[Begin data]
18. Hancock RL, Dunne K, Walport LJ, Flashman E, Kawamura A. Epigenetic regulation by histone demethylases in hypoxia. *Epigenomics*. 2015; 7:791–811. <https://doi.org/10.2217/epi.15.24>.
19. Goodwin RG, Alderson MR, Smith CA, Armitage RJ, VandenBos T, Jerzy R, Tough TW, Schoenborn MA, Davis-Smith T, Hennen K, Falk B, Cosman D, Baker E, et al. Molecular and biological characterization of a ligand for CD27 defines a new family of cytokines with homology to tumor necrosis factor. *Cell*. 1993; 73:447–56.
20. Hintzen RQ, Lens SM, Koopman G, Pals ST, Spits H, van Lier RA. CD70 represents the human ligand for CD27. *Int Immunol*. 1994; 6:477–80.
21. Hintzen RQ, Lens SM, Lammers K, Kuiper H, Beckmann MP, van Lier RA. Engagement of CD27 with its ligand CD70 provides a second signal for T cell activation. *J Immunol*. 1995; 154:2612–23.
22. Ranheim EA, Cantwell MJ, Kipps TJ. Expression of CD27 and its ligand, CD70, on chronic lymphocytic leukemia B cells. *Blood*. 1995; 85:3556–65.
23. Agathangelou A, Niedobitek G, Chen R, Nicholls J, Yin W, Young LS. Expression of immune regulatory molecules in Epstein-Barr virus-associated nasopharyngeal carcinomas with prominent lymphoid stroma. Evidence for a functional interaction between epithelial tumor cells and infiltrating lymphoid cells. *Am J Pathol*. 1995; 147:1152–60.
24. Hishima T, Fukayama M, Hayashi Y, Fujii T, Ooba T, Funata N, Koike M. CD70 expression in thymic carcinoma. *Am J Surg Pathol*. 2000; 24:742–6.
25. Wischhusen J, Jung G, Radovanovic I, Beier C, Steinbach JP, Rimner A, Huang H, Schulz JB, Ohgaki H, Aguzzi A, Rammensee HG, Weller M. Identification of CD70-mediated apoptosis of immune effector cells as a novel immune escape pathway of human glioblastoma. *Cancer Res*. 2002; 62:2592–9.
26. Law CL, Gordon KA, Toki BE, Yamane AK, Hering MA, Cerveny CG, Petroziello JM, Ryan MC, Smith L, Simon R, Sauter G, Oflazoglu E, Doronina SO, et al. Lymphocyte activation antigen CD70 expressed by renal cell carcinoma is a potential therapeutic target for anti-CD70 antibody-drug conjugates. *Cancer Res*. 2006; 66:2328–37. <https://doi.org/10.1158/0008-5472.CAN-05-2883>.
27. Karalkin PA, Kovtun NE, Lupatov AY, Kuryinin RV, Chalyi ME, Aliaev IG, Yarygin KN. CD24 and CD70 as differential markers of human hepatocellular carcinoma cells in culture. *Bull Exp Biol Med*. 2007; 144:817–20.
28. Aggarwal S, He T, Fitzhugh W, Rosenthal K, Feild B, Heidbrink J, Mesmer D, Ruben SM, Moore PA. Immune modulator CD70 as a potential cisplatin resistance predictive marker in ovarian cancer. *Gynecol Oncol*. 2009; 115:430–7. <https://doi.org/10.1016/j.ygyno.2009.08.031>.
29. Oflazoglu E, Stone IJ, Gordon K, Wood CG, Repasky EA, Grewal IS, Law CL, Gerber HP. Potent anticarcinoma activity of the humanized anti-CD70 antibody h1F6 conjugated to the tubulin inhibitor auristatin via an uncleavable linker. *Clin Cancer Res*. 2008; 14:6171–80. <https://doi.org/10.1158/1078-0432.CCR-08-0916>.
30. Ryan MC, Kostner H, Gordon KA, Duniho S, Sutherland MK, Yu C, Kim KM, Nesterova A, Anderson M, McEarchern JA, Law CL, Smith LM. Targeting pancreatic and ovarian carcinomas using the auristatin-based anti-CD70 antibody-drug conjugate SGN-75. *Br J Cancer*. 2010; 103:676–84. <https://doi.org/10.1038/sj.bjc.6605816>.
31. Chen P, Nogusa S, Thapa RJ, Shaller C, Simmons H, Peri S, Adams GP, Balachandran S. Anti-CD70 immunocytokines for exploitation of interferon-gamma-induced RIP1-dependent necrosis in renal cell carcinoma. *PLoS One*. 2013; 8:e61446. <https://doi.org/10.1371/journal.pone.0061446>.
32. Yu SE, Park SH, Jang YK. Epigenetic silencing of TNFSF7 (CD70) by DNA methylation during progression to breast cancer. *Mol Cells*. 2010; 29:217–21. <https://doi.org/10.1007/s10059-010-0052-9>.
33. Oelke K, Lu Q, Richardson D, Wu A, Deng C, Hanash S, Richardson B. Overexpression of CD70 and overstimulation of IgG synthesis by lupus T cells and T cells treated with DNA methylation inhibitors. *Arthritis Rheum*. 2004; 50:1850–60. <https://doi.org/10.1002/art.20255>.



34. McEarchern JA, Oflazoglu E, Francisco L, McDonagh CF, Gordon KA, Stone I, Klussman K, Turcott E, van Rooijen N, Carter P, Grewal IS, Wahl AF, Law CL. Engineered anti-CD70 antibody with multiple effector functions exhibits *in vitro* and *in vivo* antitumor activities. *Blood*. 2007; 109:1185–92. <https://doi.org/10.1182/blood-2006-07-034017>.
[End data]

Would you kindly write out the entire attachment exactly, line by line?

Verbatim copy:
18. Hancock RL, Dunne K, Walport LJ, Flashman E, Kawamura A. Epigenetic regulation by histone demethylases in hypoxia. *Epigenomics*. 2015; 7:791–811. <https://doi.org/10.2217/epi.15.24>.
19. Goodwin RG, Alderson MR, Smith CA, Armitage RJ, VandenBos T, Jerzy R, Tough TW, Schoenborn MA, Davis-Smith T, Hennen K, Falk B, Cosman D, Baker E, et al. Molecular and biological characterization of a ligand for CD27 defines a new family of cytokines with homology to tumor necrosis factor. *Cell*. 1993; 73:447–56.
20. Hintzen RQ, Lens SM, Koopman G, Pals ST, Spits H, van Lier RA. CD70 represents the human ligand for CD27. *Int Immunol*. 1994; 6:477–80.
21. Hintzen RQ, Lens SM, Lammers K, Kuiper H, Beckmann MP, van Lier RA. Engagement of CD27 with its ligand CD70 provides a second signal for T cell activation. *J Immunol*. 1995; 154:2612–23.
22. Ranheim EA, Cantwell MJ, Kipps TJ. Expression of CD27 and its ligand, CD70, on chronic lymphocytic leukemia B cells. *Blood*. 1995; 85:3556–65.
23. Agathangelou A, Niedobitek G, Chen R, Nicholls J, Yin W, Young LS. Expression of immune regulatory molecules in Epstein-Barr virus-associated nasopharyngeal carcinomas with prominent lymphoid stroma. Evidence for a functional interaction between epithelial tumor cells and infiltrating lymphoid cells. *Am J Pathol*. 1995; 147:1152–60.
24. Hishima T, Fukayama M, Hayashi Y, Fujii T, Ooba T, Funata N, Koike M. CD70 expression in thymic carcinoma. *Am J Surg Pathol*. 2000; 24:742–6.
25. Wischhusen J, Jung G, Radovanovic I, Beier C, Steinbach JP, Rimner A, Huang H, Schulz JB, Ohgaki H, Aguzzi A, Rammensee HG, Weller M. Identification of CD70-mediated apoptosis of immune effector cells as a novel immune escape pathway of human glioblastoma. *Cancer Res*. 2002; 62:2592–9.
26. Law CL, Gordon KA, Toki BE, Yamane AK, Hering MA, Cerveny CG, Petroziello JM, Ryan MC, Smith L, Simon R, Sauter G, Oflazoglu E, Doronina SO, et al. Lymphocyte activation antigen CD70 expressed by renal cell carcinoma is a potential therapeutic target for anti-CD70 antibody-drug conjugates. *Cancer Res*. 2006; 66:2328–37. <https://doi.org/10.1158/0008-5472.CAN-05-2883>.
27. Karalkin PA, Kovtun NE, Lupatov AY, Kuryinin RV, Chalyi ME, Aliaev IG, Yarygin KN. CD24 and CD70 as differential markers of human hepatocellular carcinoma cells in culture. *Bull Exp Biol Med*. 2007; 144:817–20.
28. Aggarwal S, He T, Fitzhugh W, Rosenthal K, Feild B, Heidbrink J, Mesmer D, Ruben SM, Moore PA. Immune modulator CD70 as a potential cisplatin resistance predictive marker in ovarian cancer. *Gynecol Oncol*. 2009; 115:430–7. <https://doi.org/10.1016/j.ygyno.2009.08.031>.
29. Oflazoglu E, Stone IJ, Gordon K, Wood CG, Repasky EA, Grewal IS, Law CL, Gerber HP. Potent anticarcinoma activity of the humanized anti-CD70 antibody h1F6 conjugated to the tubulin inhibitor auristatin via an uncleavable linker. *Clin Cancer Res*. 2008; 14:6171–80. <https://doi.org/10.1158/1078-0432.CCR-08-0916>.
30. Ryan MC, Kostner H, Gordon KA, Duniho S, Sutherland MK, Yu C, Kim KM, Nesterova A, Anderson M, McEarchern JA, Law CL, Smith LM. Targeting pancreatic and ovarian carcinomas using the auristatin-based anti-CD70 antibody-drug conjugate SGN-75. *Br J Cancer*. 2010; 103:676–84. <https://doi.org/10.1038/sj.bjc.6605816>.
31. Chen P, Nogusa S, Thapa RJ, Shaller C, Simmons H, Peri S, Adams GP, Balachandran S. Anti-CD70 immunocytokines for exploitation of interferon-gamma-induced RIP1-dependent necrosis in renal cell carcinoma. *PLoS One*. 2013; 8:e61446. <https://doi.org/10.1371/journal.pone.0061446>.
32. Yu SE, Park SH, Jang YK. Epigenetic silencing of TNFSF7 (CD70) by DNA methylation during progression to breast cancer. *Mol Cells*. 2010; 29:217–21. <https://doi.org/10.1007/s10059-010-0052-9>.
33. Oelke K, Lu Q, Richardson D, Wu A, Deng C, Hanash S, Richardson B. Overexpression of CD70 and overstimulation of IgG synthesis by lupus T cells and T cells treated with DNA methylation inhibitors. *Arthritis Rheum*. 2004; 50:1850–60. <https://doi.org/10.1002/art.20255>.



34. McEarchern JA, Oflazoglu E, Francisco L, McDonagh CF, Gordon KA, Stone I, Klussman K, Turcott E, van Rooijen N, Carter P, Grewal IS, Wahl AF, Law CL. Engineered anti-CD70 antibody with multiple effector functions exhibits *in vitro* and *in vivo* antitumor activities. *Blood*. 2007; 109:1185–92. <https://doi.org/10.1182/blood-2006-07-034017>.